What is Breathwork and Does it Work? A Doctor Explains the Science
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Health Concerns

What is Breathwork and Does it Work?

August 12, 2019

Controlled breathing has been shown to reduce stress, increase alertness and boost your immune system.

While various breathing practice have been around for centuries, science is just beginning to provide evidence that the benefits of this ancient practice are real. Studies have found that breathing practices can help reduce symptoms associated with anxiety, insomnia, post-traumatic stress disorder, depression and attention deficit disorder.

Here’s the scoop on breathwork and what the science has to say about this up and coming wellness practice.

What is breathwork?

Breathwork describes a group of exercises that teach you to manipulate your breathing rate and depth with the goal of bringing awareness to your breath and ultimately providing the same benefits you might get from a meditative practice. Most formal practices involve 20 minutes to an hour of sustained, rhythmic breathing techniques. People who practice breathwork describe feeling tingling sensations throughout their body, feelings of clarity, alertness, increased mind-body connection and even emotional purging.

Different types of breathwork.

There are many types of breathwork practices, some ranging from fairly basic and easy to do at home, to others requiring a practitioner to teach you the practice. Some breathwork practices are rooted in yogic traditions such as Pranayama or the breath and movement sequences of Kundalini yoga. Other breathwork practices are entirely secular and were developed to help people heal their minds or bodies or even to withstand extreme physical conditions.

Top health benefits of breathwork.

You’ve probably read about the benefits of deep breathing — even a few deep breaths can lower blood pressure and cortisol levels and increase parasympathetic tone, but breathwork is a little different. Formal breathwork practices exert some even more impressive positive effects on the body and work in a different and almost opposite way. Here’s the science behind the magic.

Alkalizes your blood PH.

The physiologic changes we see during sustained, rhythmic breathing are caused by a shift of the blood pH that follows hyperventilation – a state called “respiratory alkalosis.” Thanks to the field of anesthesiology we know a lot about what the body does during respiratory alkalosis.

You probably remember that we take in oxygen during the inhale breath and get rid of CO2 with every exhale. When we take faster breaths we get rid of more CO2. CO2 is an acidic molecule, so you can think of hyperventilating as getting rid of acid in the blood and shifting to a higher, or more alkaline pH (thus the term respiratory alkalosis).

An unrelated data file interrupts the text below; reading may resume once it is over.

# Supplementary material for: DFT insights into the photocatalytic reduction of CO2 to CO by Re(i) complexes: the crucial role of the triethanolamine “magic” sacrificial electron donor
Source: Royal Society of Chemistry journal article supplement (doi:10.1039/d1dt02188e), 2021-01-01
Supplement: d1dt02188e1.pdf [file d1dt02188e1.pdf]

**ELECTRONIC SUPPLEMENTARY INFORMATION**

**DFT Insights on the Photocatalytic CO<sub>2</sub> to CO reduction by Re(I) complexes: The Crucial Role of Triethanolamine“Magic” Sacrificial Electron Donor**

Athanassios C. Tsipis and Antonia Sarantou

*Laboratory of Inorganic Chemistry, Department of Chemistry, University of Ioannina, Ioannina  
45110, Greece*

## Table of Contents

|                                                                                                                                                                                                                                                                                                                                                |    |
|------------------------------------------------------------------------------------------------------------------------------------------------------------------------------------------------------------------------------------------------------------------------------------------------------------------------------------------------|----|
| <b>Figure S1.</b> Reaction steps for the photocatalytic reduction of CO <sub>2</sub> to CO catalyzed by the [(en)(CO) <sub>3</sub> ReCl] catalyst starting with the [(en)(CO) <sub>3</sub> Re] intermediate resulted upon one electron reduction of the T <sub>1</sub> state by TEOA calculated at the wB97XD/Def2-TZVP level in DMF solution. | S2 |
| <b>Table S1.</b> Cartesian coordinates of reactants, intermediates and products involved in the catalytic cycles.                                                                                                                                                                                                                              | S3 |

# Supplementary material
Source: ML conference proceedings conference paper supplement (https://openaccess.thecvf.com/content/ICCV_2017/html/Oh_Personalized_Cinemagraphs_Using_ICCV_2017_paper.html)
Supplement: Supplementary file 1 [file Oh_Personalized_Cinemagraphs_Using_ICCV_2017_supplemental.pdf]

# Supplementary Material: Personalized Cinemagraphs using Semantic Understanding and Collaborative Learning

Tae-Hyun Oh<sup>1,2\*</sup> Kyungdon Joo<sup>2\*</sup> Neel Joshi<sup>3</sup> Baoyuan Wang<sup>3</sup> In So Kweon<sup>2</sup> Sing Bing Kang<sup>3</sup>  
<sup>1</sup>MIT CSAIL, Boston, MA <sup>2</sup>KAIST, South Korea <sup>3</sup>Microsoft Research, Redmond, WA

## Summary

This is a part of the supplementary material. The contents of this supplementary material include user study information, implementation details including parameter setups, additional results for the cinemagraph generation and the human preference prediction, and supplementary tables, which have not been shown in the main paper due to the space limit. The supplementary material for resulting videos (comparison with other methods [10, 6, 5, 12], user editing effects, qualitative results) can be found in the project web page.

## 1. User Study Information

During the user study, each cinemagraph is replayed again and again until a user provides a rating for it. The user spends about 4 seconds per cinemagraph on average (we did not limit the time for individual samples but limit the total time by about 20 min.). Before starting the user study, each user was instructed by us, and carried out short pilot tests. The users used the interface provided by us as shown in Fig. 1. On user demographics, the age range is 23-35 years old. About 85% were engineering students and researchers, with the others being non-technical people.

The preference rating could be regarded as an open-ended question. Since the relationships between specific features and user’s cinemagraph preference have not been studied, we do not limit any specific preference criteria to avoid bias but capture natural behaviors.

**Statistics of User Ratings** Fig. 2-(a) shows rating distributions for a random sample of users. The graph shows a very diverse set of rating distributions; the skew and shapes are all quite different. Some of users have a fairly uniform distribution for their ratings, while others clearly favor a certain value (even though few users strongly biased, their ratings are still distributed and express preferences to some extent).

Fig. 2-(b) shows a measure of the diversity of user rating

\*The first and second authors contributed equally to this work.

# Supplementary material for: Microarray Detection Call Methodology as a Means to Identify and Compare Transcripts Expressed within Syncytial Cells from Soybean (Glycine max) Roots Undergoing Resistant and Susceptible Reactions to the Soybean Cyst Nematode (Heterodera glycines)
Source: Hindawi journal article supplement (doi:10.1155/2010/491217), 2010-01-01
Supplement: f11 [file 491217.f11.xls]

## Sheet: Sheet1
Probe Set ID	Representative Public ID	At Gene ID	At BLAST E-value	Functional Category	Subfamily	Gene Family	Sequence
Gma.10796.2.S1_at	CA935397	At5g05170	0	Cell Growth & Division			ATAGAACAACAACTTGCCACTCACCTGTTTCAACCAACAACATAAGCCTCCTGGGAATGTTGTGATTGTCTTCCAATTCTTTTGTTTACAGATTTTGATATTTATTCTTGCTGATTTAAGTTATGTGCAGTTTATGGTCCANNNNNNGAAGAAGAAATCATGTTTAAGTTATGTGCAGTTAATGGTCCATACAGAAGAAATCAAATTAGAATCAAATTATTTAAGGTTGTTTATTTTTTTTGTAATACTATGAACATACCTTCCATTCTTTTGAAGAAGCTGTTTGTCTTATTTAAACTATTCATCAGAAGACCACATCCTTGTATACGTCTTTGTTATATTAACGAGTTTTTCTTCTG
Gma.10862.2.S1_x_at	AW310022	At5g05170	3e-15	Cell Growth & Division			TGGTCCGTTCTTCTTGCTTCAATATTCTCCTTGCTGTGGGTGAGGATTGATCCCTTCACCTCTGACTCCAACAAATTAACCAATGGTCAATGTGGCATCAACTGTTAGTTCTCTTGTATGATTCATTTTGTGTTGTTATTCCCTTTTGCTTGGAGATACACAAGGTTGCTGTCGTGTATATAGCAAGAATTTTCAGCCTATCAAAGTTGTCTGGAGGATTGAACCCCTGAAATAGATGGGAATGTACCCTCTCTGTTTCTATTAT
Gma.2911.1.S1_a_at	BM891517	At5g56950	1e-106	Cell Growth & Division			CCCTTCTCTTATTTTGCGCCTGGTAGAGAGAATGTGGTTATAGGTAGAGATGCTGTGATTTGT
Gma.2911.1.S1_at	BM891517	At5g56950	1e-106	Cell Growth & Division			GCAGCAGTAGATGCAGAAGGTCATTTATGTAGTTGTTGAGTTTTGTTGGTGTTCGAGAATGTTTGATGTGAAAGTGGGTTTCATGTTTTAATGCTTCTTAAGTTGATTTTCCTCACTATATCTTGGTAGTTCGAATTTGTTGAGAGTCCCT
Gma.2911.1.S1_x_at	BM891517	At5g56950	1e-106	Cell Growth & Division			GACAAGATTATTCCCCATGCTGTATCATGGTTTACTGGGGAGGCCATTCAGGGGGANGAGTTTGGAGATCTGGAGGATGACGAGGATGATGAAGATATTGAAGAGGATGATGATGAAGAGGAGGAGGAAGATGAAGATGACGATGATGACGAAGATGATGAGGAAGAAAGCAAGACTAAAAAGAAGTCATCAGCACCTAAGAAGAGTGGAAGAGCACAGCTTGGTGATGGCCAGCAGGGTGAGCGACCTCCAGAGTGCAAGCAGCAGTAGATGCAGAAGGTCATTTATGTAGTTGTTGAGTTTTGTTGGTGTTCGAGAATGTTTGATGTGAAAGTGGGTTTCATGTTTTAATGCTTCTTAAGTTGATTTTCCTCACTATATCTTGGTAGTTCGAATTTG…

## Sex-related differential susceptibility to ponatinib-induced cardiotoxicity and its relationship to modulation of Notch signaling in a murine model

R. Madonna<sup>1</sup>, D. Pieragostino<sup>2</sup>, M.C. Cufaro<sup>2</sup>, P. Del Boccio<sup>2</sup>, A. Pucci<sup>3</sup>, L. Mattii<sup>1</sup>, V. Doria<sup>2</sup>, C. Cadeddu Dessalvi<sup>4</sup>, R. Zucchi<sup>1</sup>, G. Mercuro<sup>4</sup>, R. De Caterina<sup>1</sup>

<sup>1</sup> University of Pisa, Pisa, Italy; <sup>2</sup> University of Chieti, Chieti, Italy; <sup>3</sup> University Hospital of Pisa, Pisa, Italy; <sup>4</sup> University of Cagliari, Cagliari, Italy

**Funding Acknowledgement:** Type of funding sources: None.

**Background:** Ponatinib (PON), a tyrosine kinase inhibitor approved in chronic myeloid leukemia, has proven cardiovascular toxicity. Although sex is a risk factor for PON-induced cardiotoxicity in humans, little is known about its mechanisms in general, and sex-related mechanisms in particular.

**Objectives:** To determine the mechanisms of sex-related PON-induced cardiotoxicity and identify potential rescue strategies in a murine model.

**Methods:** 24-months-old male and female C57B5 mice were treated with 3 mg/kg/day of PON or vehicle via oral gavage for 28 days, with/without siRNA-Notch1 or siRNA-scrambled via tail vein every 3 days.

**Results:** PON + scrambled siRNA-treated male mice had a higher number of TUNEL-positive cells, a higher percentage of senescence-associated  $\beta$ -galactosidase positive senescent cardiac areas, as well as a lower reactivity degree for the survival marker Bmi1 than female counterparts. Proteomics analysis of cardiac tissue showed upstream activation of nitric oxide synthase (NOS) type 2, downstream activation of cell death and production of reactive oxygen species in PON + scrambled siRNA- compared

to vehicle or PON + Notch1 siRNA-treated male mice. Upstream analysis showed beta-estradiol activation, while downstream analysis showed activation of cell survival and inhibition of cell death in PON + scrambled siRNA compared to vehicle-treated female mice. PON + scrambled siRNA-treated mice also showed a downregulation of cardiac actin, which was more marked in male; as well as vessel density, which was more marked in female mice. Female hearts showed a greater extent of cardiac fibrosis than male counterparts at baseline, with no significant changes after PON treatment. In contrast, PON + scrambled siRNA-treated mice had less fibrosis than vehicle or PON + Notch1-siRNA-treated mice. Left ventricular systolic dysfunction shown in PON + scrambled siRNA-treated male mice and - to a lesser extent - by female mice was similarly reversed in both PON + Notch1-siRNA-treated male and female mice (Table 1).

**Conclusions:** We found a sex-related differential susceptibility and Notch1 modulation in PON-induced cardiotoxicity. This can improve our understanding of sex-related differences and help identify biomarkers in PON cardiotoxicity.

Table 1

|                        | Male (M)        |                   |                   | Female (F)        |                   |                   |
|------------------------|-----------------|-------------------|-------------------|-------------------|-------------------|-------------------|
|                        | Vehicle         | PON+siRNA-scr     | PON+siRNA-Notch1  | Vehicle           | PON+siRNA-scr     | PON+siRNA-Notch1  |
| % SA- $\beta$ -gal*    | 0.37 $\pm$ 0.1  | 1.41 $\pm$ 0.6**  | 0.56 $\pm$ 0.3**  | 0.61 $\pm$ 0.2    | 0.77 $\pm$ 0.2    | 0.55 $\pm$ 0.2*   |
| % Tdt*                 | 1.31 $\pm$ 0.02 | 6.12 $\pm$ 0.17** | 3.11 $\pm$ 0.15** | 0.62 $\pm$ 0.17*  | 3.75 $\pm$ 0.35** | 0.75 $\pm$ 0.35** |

Increases muscle tone.

When the blood becomes more alkaline a few things happen. First, calcium ions floating around in the blood go into hiding, binding onto large proteins in the blood called albumin. The body now experiences a short-term low-calcium state which causes increased firing in sensory and motor neurons. The artificially low blood calcium now manifests in the neurological system as tingling sensations, smooth muscle contractions and increased muscle tone. If you’ve ever not been able to move your mouth after a breathwork class you know this feeling too well.

Has an anti-inflammatory effect.

Neurons in the autonomic nervous system also fire more during hyperventilation, releasing epinephrine (what many people call “adrenaline”). A 2014 study out of Yale School of Medicine found that the epinephrine surge causes the innate immune system to increase its anti-inflammatory activity and dampen its proinflammatory activity. Subjects who were taught a breathwork routine had less severe inflammatory responses after exposure to IV bacterial toxins than those who didn’t. The paper was the first in scientific literature to describe voluntary activation of the innate immune system.

Elevates your mood.

The “high” feeling some people experience during breathwork can also be explained by hyperventilation and respiratory alkalosis. Increased blood pH decreases oxygen delivery to tissues (a phenomenon called the Bohr Effect). Within one minute of hyperventilation, the vessels in the brain constrict, reducing blood flow and oxygen delivery to the brain by 40%. The effect is probably responsible for the feelings of wellbeing that breathwork practitioners experience. That’s right — you are actually getting a little high in your Kundalini yoga class.

What you should know before starting breathwork.

Breathwork is generally safe, well-tolerated, enjoyable and definitely worth a try for most people. It might be particularly good for people with an autoimmune disease as there’s evidence that it can change the inflammatory response from our innate immune system. However, there are a few cases when it would not be advised to do breathwork; namely for anyone with a known cardiac arrhythmia (including very slow heart rate), a history of heart block, or people taking certain antipsychotic medications.

Additionally, some types of breathwork can induce hyperventilation, which can bring on dizziness, chest pain, and pounding heartbeat.

Final thoughts on breathwork.

  • Breathwork involves manipulating your breathing rate to change how you’re feeling.
  • There are several types of breathwork practices, some ranging from fairly basic and easy to do at home, to others requiring a practitioner to guide you.
  • The benefits of breathwork include reducing stress, to reducing inflammation, and alkalizing your blood PH levels.
  • Check with your doctor before you start a breathwork practice if you have a history of cardiovascular issues, including high blood pressure, or are currently taking antipsychotic medications.

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